What is Pelvic Ultrasound Imaging?
Ultrasound or sonography involves the transmission of sound waves into the body. Those sound waves are reflected off the internal organs. The reflections are then recorded by special instruments that subsequently create an image of anatomic parts. No ionizing radiation (x-ray) is involved in ultrasound imaging.
For women, pelvic ultrasound is most often used to examine the uterus and ovaries and, during pregnancy, to monitor the health and development of the embryo or fetus. In men, a pelvic ultrasound usually focuses on the bladder and the prostate gland. Ultrasound images are captured in real-time, so they can show movement of internal tissues and organs, such as the flow of blood in arteries and veins.
What are some common uses of the procedure?
For women, ultrasound examinations can help determine the causes of pelvic pain, abnormal bleeding, or other menstrual problems. Ultrasound images can also help to identify palpable masses such as ovarian cysts and uterine fibroids, as well as ovarian or uterine cancers.
In men, pelvic ultrasound is a valuable tool for evaluating the prostate gland, as well as for evaluating the seminal vesicles.
A pelvic ultrasound exam can help to identify stones, tumors and other disorders in the urinary bladder in both men and women.
How should I prepare for the procedure?
You should wear comfortable, loose-fitting clothing for your ultrasound exam. For transabdominal imaging of the pelvis, you will be asked to drink up to six glasses of water two hours prior to your exam, so that your bladder is full when the scan begins. A full bladder helps with visualization of the uterus, ovaries and bladder wall. For transvaginal examinations, no bladder filling is required.
What does the equipment look like?
The equipment consists of a transducer and a monitoring system. The transducer is a small, hand-held device that resembles a microphone. The radiologist or sonographer spreads a lubricating gel on the patient's lower abdomen, where the uterus and ovaries are located, and then presses this device firmly against the skin. Transvaginal ultrasound uses a wand-like device that is covered, lubricated and inserted into the vaginal canal.
The ultrasound image is immediately visible on a nearby screen that looks much like a computer or television monitor. The radiologist or sonographer watches this screen during an examination and captures representative images for storage. Often, the patient is able to see the monitor as well.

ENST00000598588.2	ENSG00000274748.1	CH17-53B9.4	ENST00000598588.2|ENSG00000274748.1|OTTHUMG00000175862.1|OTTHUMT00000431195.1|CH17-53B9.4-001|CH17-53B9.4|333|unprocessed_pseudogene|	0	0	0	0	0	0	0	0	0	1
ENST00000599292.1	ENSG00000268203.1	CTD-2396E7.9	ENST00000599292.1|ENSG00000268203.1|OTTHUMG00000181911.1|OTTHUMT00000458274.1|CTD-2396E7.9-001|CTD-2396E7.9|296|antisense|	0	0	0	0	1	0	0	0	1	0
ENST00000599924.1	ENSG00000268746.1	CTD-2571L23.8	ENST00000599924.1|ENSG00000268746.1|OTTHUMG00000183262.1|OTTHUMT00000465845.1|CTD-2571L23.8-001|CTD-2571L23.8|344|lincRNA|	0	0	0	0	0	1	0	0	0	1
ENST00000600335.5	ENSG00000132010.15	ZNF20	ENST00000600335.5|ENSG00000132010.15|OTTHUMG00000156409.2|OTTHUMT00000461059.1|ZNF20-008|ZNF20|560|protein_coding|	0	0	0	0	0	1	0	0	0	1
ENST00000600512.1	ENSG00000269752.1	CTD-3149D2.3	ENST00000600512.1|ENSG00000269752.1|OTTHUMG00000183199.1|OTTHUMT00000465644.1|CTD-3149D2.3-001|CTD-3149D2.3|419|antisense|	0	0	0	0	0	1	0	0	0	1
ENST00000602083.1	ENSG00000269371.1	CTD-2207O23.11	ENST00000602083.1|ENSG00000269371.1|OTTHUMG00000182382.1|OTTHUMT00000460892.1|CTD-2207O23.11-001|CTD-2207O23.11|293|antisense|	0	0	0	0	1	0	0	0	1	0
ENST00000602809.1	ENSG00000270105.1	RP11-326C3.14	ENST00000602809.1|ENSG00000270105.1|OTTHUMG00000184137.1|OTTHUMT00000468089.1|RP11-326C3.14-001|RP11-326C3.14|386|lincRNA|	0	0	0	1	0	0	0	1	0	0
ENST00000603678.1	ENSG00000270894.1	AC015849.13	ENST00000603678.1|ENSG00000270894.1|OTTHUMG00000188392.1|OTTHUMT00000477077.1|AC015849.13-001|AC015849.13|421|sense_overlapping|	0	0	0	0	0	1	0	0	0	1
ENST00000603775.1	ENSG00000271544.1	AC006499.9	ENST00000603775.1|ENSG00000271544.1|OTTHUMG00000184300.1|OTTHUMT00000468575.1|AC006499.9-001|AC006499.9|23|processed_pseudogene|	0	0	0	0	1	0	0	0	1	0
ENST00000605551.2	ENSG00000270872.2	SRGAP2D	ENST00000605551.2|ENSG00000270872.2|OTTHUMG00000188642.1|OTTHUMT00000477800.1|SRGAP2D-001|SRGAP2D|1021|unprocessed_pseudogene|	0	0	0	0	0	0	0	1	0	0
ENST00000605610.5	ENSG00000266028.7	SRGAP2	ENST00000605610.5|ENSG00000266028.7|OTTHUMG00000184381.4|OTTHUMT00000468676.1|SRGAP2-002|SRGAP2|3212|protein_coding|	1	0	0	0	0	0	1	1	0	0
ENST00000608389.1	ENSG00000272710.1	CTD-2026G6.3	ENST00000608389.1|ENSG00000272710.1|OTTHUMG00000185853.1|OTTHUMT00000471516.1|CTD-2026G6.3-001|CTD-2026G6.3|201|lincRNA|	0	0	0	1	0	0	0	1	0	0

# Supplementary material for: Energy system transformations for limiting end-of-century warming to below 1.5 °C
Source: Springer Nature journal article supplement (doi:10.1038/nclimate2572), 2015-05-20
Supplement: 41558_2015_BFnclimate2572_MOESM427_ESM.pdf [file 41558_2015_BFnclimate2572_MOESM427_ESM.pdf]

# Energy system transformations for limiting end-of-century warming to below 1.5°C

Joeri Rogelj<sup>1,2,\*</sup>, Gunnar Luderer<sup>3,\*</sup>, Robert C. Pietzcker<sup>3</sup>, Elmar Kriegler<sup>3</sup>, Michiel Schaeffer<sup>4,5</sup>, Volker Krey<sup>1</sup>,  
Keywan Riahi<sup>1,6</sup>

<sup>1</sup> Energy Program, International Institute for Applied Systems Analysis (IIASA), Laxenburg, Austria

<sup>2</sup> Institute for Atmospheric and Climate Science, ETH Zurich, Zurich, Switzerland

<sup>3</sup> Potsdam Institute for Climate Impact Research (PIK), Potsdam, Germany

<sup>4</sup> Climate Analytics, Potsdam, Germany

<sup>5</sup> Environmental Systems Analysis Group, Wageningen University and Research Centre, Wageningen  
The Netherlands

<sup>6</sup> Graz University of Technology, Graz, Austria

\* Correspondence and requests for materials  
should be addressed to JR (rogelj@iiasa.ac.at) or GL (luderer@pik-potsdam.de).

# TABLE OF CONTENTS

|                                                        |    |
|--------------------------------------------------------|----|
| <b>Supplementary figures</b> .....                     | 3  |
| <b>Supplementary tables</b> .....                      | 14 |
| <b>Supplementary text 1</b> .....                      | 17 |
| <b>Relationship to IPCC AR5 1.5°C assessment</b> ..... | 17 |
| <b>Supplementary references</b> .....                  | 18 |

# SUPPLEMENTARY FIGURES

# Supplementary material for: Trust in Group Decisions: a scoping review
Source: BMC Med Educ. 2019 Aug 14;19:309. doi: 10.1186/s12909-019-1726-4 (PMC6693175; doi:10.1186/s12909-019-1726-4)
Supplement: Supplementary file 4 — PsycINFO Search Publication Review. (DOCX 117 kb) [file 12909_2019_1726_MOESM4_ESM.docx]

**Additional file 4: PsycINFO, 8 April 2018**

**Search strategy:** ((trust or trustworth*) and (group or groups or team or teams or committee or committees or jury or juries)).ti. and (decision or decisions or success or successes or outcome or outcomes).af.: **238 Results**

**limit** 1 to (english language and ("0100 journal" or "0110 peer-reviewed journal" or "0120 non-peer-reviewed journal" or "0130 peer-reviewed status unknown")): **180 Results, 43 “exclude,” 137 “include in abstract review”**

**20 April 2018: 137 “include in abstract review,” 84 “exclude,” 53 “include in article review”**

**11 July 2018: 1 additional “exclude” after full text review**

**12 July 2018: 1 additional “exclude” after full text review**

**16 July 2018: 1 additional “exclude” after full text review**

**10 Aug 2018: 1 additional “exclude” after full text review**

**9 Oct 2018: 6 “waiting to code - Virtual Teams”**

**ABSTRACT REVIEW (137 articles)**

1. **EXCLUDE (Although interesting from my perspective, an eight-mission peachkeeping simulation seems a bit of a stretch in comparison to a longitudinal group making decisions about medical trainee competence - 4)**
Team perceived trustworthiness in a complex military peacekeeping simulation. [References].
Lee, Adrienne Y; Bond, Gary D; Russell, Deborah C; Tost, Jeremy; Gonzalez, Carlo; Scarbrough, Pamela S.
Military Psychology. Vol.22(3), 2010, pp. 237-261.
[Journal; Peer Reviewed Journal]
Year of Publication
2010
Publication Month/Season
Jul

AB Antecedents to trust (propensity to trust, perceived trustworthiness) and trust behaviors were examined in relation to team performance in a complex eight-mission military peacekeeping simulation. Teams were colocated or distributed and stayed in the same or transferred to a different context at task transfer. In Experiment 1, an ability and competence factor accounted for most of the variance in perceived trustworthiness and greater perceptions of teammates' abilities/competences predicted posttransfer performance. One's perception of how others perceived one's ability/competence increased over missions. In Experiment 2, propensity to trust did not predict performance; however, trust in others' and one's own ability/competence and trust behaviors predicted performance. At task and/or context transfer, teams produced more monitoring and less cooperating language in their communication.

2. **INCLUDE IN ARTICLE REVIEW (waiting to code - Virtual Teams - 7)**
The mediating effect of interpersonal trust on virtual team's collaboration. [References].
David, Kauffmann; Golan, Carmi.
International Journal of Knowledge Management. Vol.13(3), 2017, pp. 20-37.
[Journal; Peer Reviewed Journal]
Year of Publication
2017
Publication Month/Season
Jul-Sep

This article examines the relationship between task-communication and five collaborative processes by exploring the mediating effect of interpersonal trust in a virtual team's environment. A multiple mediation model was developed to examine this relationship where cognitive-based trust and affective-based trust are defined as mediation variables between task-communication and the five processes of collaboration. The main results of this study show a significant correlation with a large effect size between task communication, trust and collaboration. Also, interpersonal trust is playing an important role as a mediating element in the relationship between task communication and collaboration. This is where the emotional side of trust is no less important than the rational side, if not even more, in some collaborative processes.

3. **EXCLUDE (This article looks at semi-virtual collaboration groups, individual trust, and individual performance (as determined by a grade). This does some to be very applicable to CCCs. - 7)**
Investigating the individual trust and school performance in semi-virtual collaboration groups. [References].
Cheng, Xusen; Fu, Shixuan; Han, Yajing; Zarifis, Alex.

How does the procedure work?
Ultrasound imaging is based on the same principles as the sonar used by bats, ships at sea, and anglers with fish detectors. As a controlled sound wave bounces against objects, its reflected waves can be used to identify how far away the object is, how large it is, its shape and its internal consistency (fluid, solid or mixed).
The ultrasound transducer functions as both a loudspeaker (to transmit the sounds) and a microphone (to record them). When the transducer is pressed against the skin, it directs a stream of inaudible, high-frequency sound waves into the body. As the sound waves echo back from the body's fluids and tissues, the sensitive microphone in the transducer records the strength and character of the reflected waves. With Doppler ultrasound, the microphone captures and records tiny changes in the sound wave's pitch and direction. These signature waves are instantly measured and displayed by a computer, which in turn creates a real-time dynamic picture on the monitor. Still frames of the moving picture are "frozen" to capture a series of images. These "frozen" images are used to obtain measurements and to document the essential positions of the examination.
Doppler ultrasonography is an application of diagnostic ultrasound to detect moving blood cells in vessels and measure their direction and speed of movement. The Doppler effect is used to evaluate movement by measuring changes in the frequency of the echoes reflected from moving structures.
How is the procedure performed?
There are three methods of performing pelvic ultrasound: abdominal (transabdominal), vaginal (transvaginal, endovaginal) in women, and rectal (transrectal) in men. The same principles of high-frequency sound apply in each technique.
For the transabdominal approach, the patient has a full urinary bladder and is positioned on an examination table. A clear gel is applied to the lower abdomen to help the transducer make secure contact with the skin. The sound waves produced by the transducer cannot penetrate air, so the gel helps to eliminate air pockets between the transducer and the skin. The sonographer then presses the transducer firmly against the skin and sweeps it back and forth to image the pelvic organs. Doppler sonography can be performed through the same transducer.